Footnotes

a001While there are many critical understandings of the secret history in literature, as the essays in The Secret History in Literature: 1660-1820 (2017) suggest, the genre usually offers a glimpse into the secret lives of public individuals. In the amatory tradition of Fantomina, this "private" side is typically filled with sexual or political intrigue.
a002 Eliza Haywood (c.1693-1756) was a prolific author, actor, and publisher of the early- to mid-eighteenth century. She is most famous, today, for her novels and novellas, among which Fantominais numbered. The image included here, via Wikimedia Commons, is an engraved frontispiece portrait by George Vertue. Haywood wrote in a number of different genres, including amatory fiction, domestic fiction, and essay.
a003This epigraph is composed of the last couplet from "To A. H: Of the Different Successe of Their Loves," a poem by Edmund Waller (1606-1687). Waller's poem, published in 1645, takes a Petrarchan perspective of the relationship between the male lover and the female beloved. This couplet was oft-quoted during the period, and features in George Etheredge's Restoration comedy Man of Mode, where it is spoken by the protagonist Dorimant. Read more about Waller at Encyclopaedia Britannica.
a005Playhouses during the seventeenth and eighteenth centuries in England organized seating according to price and social status. Boxes were the most expensive of seating areas, and could hold several people in style. The image included here, from the Victoria and Albert Museum, depicts a famous riot at Covent Garden theater during a performance of the opera Artaxerxes in 1763. For more information about the development of theater in the eighteenth century, see Andrew Dickson's introduction at the British Library.
a006According to the OED, a "toast" is a "[a] lady who is named as the person to whom a company is requested to drink; often one who is the reigning belle of the season" (n2.1).
a007The "pit" was a mixed-sex seating area in the eighteenth-century, notable for its energy and activity. According to The Oxford Companion to Theatre and Performance, the "pit occupied the floor of the theatre at a lower level than the stage and, unlike the standing pit of earlier public theatres, contained rows of backless benches set on a raked floor. Seats in the pit were half the price of a seat in the box and attracted a mixed audience of men and women. The activity of the audience in the pit and the behaviour of the occupants of the boxes, especially with the King present, were part of the theatregoing spectacle." Prostitutes, wits, and rakes frequented the pit and the middle galleries. For more information, see Douglas Canfield's introduction to The Broadview Anthology of Restoration and Early Eighteenth-Century Drama (vxiii).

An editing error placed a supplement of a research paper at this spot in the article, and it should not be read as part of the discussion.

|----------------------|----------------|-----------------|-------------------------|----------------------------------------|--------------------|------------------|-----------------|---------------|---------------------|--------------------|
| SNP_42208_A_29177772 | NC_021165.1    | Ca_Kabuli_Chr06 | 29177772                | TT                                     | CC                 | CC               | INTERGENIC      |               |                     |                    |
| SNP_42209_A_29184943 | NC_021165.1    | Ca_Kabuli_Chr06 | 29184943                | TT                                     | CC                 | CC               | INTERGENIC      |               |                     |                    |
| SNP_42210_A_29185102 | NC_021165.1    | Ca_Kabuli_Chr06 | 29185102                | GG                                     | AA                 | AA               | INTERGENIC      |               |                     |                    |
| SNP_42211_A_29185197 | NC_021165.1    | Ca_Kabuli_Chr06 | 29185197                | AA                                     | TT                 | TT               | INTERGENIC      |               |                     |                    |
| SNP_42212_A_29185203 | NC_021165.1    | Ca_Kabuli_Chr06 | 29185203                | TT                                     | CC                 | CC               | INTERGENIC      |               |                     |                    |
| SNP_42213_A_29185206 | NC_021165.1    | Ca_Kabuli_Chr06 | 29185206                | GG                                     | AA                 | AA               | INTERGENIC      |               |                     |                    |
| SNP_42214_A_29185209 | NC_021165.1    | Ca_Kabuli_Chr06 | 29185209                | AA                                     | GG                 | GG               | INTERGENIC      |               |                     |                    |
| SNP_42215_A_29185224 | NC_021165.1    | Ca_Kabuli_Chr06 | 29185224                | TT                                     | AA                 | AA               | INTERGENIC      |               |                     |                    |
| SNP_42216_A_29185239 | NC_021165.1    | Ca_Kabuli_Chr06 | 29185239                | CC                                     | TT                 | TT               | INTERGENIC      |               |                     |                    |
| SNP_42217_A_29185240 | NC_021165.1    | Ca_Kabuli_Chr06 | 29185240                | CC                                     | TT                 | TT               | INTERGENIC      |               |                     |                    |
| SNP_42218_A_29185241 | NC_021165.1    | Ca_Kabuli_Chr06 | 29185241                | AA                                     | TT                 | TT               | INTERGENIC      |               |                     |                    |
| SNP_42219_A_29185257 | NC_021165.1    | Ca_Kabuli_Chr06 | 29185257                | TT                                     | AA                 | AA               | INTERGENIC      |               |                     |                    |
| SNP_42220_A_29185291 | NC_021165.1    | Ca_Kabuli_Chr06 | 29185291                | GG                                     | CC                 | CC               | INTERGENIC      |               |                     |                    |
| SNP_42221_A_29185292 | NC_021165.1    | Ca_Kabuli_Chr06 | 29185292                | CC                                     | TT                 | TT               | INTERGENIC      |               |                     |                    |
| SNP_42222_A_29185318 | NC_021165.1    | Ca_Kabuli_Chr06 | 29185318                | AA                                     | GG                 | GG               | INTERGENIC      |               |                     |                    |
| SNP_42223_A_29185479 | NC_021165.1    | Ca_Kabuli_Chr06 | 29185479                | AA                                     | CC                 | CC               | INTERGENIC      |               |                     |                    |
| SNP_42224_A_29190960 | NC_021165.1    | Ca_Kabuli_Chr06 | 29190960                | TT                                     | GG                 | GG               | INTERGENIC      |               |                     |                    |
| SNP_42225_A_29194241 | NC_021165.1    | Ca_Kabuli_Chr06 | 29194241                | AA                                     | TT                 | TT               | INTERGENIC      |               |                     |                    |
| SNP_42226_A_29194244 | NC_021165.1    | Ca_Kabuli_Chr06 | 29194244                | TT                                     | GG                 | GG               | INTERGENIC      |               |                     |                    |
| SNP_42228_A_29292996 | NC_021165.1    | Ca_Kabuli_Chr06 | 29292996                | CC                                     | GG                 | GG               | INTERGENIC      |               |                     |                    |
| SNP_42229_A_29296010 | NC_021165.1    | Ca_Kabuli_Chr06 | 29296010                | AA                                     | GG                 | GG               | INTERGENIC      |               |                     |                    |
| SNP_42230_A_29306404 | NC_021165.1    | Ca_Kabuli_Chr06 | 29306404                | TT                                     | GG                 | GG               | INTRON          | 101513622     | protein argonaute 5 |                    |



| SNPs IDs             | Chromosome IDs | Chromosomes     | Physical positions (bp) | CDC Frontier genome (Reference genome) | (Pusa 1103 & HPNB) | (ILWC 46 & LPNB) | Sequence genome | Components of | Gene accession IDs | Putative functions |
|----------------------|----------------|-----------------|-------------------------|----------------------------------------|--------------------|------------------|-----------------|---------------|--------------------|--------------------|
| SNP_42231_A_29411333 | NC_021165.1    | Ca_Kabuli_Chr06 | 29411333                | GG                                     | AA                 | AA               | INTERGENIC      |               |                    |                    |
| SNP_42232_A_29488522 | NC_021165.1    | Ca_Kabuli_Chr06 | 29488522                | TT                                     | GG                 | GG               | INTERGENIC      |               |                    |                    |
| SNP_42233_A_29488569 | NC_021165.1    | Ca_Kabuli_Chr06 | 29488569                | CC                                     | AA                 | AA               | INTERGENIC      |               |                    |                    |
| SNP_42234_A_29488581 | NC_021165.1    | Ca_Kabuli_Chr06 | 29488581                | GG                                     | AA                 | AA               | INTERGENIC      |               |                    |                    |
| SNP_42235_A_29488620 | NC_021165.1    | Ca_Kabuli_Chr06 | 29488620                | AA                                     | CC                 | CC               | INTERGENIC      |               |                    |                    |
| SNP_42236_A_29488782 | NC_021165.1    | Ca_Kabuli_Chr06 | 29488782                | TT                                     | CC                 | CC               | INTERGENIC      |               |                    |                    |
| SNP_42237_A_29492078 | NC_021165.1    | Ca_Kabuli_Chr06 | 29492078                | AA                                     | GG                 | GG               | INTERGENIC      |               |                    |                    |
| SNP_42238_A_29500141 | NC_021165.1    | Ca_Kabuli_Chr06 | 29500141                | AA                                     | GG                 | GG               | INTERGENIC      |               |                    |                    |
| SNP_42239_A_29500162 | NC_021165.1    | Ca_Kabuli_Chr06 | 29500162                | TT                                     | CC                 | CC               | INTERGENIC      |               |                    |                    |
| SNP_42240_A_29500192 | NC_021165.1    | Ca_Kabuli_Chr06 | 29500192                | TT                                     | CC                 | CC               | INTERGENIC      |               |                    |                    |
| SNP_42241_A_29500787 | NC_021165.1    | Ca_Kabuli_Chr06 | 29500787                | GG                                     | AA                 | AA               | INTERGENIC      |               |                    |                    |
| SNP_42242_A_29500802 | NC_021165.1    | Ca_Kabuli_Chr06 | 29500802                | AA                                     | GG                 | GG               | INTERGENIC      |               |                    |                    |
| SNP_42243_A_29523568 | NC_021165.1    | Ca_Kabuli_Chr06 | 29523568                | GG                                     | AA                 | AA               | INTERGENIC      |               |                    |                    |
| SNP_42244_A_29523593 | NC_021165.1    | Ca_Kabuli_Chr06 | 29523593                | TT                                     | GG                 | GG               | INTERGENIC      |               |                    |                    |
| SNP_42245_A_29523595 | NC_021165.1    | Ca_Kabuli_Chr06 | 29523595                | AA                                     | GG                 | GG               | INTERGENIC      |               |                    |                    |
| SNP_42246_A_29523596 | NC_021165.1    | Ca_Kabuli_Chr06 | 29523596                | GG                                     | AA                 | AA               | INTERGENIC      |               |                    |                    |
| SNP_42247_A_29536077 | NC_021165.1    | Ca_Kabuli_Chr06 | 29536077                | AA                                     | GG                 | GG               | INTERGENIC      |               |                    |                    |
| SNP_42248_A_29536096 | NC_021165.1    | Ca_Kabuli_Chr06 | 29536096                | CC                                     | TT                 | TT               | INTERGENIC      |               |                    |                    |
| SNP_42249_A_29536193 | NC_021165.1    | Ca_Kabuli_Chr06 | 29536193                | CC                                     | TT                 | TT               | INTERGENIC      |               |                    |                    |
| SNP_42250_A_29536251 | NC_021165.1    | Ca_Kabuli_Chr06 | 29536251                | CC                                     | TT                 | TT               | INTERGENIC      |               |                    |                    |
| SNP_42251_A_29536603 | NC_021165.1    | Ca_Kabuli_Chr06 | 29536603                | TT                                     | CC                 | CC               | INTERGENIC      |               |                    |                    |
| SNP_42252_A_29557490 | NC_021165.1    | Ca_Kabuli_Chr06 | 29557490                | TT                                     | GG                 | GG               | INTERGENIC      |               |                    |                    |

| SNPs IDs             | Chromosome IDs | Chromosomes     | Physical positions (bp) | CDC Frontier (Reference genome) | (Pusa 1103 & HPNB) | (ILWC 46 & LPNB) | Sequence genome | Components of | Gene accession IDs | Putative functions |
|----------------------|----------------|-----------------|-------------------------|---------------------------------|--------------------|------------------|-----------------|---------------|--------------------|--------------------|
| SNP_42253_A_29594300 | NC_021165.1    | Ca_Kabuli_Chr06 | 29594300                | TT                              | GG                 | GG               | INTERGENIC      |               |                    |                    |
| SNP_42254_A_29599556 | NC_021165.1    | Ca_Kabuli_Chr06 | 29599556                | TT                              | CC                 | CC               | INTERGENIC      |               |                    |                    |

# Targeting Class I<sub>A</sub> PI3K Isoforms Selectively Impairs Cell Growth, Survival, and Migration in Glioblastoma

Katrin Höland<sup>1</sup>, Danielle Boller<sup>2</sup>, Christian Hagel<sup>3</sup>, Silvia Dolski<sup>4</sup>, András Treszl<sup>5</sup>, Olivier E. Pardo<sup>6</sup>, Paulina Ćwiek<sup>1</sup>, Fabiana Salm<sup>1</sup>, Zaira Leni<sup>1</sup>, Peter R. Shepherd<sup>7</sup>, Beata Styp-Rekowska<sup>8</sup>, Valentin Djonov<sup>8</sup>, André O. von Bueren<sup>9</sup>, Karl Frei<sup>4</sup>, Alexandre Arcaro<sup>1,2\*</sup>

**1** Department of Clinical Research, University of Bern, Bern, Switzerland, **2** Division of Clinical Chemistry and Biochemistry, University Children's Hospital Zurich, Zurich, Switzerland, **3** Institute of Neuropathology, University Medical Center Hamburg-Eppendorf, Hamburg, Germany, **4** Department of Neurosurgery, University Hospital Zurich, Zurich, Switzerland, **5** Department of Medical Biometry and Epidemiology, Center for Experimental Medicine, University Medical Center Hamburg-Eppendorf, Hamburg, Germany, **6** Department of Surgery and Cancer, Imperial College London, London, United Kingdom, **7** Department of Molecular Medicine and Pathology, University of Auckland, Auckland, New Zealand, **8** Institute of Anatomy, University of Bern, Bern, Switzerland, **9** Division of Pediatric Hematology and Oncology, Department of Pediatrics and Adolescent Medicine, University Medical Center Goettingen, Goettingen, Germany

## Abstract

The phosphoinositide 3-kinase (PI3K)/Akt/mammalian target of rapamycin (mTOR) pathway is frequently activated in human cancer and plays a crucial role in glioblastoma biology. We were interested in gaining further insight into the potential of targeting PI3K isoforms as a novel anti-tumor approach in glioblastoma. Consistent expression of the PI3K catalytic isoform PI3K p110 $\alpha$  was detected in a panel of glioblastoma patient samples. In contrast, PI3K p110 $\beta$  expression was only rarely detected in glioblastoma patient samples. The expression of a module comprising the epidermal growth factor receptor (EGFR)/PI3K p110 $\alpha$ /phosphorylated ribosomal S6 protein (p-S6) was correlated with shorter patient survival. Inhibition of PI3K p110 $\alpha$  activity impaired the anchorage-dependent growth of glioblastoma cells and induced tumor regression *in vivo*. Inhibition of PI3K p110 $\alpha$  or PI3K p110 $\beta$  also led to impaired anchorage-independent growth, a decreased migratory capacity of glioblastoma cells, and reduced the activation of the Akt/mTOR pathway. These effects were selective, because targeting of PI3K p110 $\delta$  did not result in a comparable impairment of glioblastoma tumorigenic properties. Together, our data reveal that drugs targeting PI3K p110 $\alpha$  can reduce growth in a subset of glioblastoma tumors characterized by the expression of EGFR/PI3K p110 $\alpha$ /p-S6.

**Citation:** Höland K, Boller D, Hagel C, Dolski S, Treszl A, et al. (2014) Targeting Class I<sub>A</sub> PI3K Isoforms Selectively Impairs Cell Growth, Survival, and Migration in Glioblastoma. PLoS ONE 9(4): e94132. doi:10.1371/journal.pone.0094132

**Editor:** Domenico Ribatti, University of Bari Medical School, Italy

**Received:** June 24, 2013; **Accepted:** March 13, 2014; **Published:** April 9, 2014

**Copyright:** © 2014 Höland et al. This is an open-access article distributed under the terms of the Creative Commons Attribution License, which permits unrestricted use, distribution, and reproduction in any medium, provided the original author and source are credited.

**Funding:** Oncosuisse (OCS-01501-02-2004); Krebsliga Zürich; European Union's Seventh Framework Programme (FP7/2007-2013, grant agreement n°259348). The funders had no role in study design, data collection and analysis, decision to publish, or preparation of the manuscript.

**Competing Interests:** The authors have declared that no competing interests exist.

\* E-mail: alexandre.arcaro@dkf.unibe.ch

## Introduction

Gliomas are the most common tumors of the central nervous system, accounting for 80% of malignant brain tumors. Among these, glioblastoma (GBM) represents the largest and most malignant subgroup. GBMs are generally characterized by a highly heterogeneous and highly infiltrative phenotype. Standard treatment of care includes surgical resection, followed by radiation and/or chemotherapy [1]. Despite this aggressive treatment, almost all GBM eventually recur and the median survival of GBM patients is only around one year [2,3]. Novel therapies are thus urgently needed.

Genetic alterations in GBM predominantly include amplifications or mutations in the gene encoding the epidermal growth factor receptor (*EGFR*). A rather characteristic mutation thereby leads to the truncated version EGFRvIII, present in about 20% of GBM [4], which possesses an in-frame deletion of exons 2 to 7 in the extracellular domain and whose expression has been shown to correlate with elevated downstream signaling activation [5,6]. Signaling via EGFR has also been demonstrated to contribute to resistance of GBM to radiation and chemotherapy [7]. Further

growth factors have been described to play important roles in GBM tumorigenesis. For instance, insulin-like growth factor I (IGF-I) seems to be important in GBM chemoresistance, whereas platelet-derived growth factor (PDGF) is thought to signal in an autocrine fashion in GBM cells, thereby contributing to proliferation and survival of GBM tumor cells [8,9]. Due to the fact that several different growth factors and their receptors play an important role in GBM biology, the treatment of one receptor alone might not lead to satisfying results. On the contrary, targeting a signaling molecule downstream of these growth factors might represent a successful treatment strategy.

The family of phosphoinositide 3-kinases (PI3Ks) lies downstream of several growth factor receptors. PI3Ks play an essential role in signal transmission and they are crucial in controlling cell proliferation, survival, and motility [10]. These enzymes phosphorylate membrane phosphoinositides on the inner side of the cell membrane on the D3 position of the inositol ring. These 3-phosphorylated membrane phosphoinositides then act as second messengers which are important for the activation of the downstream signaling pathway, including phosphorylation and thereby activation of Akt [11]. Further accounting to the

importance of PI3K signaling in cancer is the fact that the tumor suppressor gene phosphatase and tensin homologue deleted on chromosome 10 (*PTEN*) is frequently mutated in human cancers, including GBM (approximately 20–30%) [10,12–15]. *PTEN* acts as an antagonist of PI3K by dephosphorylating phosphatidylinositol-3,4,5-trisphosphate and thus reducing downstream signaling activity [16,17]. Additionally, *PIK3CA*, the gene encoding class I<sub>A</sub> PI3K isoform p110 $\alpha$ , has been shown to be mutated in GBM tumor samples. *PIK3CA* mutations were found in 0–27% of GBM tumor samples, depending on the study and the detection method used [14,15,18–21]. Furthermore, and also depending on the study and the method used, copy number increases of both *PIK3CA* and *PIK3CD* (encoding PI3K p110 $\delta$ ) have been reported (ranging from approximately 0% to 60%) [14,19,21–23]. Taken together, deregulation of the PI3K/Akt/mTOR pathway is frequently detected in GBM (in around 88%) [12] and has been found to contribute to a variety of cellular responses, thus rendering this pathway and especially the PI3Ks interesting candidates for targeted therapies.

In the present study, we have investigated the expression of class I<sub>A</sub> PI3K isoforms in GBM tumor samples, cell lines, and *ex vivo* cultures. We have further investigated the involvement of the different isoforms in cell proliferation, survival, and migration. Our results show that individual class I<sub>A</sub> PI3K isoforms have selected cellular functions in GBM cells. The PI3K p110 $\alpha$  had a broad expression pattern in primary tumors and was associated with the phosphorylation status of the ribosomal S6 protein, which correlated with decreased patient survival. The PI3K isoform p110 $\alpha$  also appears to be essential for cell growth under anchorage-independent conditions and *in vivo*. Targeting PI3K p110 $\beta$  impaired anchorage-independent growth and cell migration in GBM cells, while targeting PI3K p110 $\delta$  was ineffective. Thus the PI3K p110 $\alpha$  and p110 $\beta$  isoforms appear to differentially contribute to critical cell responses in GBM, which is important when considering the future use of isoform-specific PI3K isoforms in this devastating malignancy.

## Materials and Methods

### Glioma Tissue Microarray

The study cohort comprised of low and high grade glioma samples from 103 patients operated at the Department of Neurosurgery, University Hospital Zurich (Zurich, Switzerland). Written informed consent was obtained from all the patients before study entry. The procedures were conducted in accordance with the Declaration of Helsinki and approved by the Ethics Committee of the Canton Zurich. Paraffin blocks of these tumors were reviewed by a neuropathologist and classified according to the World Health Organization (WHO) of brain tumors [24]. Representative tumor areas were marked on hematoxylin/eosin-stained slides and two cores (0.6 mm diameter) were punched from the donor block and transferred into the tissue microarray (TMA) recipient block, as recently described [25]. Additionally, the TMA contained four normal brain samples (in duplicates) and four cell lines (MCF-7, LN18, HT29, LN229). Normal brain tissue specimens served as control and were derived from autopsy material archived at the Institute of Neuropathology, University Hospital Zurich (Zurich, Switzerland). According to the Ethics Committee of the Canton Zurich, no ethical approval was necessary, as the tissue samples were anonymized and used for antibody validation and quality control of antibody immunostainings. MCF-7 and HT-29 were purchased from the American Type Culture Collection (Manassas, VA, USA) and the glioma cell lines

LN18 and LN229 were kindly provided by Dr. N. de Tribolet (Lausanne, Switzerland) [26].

a008Throughout the seventeenth and early eighteenth centuries, hoods and hooded cloaks were both practical and fashionable garments for women. In the winter, hoods and masks protected the body from icy air, and they generally allowed women more freedom to move un-seen throughout the city, as described in this article from the BBC's History Magazine.
a009The gallery-box or middle gallery is a seating area in cost between pit and box seats. Servants often sat in the inexpensive upper gallery seats. When Fantomina goes again tho the playhouse on her "frolick," she sits in the gallery areas that signify her sexual availability. Often, sex workers found partners and keepers at the playhouse, earning the theater a reputation for sexual display.
a010Beauplaisir is a French portmanteau word meaning "beautiful pleasure." Beau was also a generic term in the eighteenth century for a lady's suitor or sweetheart, according to the OED.
a011The drawing or "withdrawing" room was a room in the home of a wealthier class of people to which women would "withdraw" after dinner, to brew tea and converse. Later, the male contingent would join the women in the drawing room for polite conversation and mingling. For more information on the history and evolution of the drawing room, see this review of Jeremy Musson's Drawing Room.
a012Salutations refer to customary greetings.
a013Used here as an adjective, "genteel" refers to a quality of polite refinement thought to be possessed by those of the gentry class. According to this review of Peter Cross's The Origins of the English Gentry, the gentry class is "a type of lesser nobility, based on landholding," that often dispensed justice in the locality and wielded great social power.
a014According to the OED, raillery refers to "[g]ood-humoured ridicule or banter," which can sometimes be more satirical or mocking.
a015"Quality" is a difficult concept to grasp; in the eighteenth century, it typically referred to rank or social position, and more particularly, noble or high social position, as indicated by senses 4 and 5 in the OED.
a016A hackney or sedan chair was a hireable mode of transportation that consisted of a single enclosed seat carried, on poles, by two strong men. It was small enough to enter into the front doors of a well-appointed house, thus ensuring secresy. Read more about the hackney or sedan chair in this article from Bath Magazine. The image included here shows an early eighteenth-century French sedan chair, without the horizontal carrying poles, housed in the VAM.
a017"Cogitations" are thoughts; often, the word contains a humourously exaggerated connotation.